California, This Is Minnesota Speaking
by Stephen Dunn
from A Geography of Poets, ed. by Edward Field
I tell my friend in California
I am so in control
my dream is
to be slightly out of control.
He understands, he's from California
and tells me
he has beaten up his wife at a party
and runs a nude group
and when he taught at medical school
dispensed drugs to hopheads.
(As kids in New York we played
stickball, drank Mission Orange,
ate Devil Dogs.)
I tell him I've been to the edge
of myself a few times,
and the atmosphere there is rarefied
I ask him what it's like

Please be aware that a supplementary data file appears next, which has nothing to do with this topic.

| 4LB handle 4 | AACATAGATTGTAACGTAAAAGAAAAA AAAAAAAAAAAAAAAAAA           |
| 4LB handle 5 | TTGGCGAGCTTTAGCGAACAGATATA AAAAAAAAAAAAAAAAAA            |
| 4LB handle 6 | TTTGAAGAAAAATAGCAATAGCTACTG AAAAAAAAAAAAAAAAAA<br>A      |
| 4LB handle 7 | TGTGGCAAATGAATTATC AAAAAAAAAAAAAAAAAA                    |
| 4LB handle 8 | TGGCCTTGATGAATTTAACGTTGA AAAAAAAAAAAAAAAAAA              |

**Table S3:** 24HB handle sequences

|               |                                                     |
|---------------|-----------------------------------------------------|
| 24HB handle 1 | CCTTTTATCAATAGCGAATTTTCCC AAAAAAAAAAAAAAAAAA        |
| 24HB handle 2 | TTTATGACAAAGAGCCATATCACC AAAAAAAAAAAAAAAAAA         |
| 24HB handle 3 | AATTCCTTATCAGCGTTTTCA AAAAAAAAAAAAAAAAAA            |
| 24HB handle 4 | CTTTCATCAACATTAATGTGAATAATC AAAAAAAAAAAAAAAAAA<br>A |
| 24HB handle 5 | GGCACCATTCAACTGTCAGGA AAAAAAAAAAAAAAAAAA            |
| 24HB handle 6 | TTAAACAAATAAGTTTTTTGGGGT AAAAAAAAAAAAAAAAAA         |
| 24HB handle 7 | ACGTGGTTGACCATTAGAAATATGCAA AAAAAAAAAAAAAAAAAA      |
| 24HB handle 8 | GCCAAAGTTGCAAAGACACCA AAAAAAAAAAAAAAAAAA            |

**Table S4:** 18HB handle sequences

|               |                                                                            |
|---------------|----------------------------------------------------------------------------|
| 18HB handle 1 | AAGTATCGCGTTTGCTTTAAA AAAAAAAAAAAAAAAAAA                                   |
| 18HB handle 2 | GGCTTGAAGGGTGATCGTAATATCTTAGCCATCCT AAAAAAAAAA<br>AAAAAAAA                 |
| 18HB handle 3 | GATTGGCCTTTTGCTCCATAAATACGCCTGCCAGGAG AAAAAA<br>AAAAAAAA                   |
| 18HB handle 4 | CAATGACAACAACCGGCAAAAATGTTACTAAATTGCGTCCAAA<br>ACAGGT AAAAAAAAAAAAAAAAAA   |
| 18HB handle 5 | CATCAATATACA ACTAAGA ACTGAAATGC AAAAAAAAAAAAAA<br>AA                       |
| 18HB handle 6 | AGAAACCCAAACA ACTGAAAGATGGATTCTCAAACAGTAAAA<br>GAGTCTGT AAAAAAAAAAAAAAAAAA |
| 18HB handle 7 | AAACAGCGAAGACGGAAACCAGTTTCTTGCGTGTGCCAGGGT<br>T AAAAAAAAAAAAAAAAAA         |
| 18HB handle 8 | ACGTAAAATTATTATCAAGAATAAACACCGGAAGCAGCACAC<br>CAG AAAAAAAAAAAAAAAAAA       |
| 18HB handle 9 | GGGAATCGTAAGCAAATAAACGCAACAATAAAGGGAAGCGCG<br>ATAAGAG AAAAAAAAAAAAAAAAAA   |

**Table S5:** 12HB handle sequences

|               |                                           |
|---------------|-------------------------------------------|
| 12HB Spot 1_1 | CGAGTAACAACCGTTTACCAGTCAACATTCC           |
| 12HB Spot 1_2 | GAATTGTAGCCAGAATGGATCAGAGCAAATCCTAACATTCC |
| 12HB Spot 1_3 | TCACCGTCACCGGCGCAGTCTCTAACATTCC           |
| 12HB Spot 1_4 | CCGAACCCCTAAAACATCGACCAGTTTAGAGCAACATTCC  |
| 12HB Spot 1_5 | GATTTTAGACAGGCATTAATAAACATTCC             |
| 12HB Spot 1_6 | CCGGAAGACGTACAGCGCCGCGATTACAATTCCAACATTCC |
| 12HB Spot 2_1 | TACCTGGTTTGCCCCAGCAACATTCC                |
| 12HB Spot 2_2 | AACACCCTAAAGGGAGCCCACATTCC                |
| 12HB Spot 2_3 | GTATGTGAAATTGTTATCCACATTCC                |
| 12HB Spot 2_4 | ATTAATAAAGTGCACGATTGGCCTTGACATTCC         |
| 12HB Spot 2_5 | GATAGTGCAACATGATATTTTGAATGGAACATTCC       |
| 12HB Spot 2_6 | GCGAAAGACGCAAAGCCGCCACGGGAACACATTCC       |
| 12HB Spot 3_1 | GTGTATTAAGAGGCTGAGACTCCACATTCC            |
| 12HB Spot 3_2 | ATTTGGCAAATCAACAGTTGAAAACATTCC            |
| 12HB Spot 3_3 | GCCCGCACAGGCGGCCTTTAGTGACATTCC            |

to live there, on the edge,
and he says "Listen, I'm becoming a sad
old man, save your romantic bullshit
for some midwesterner,"
and, standing here on the flat land,
I sense what he means,
solid ground beneath me, never a chance
that the wild gesture you begin on Tuesday
will be more than thin air
on Wednesday, the perpetual safety
of unfinished business.
And I say "Listen, my shoulders
sometimes want to leave for the moon,
this peace in my gut is expensive,"
and he starts to talk about the price
the fact that there's no middle
where he is, no place to return to
except either up or down,
and I can hear seagulls on his end
of the phone, the surf, the daily redefinition
of the state he's in,
and I want to let myself drift
out of control, toward him,
toward the dumb, childish universe
where you open a door and walk in
and no one's there except yourself
and you say hello and see if you can survive.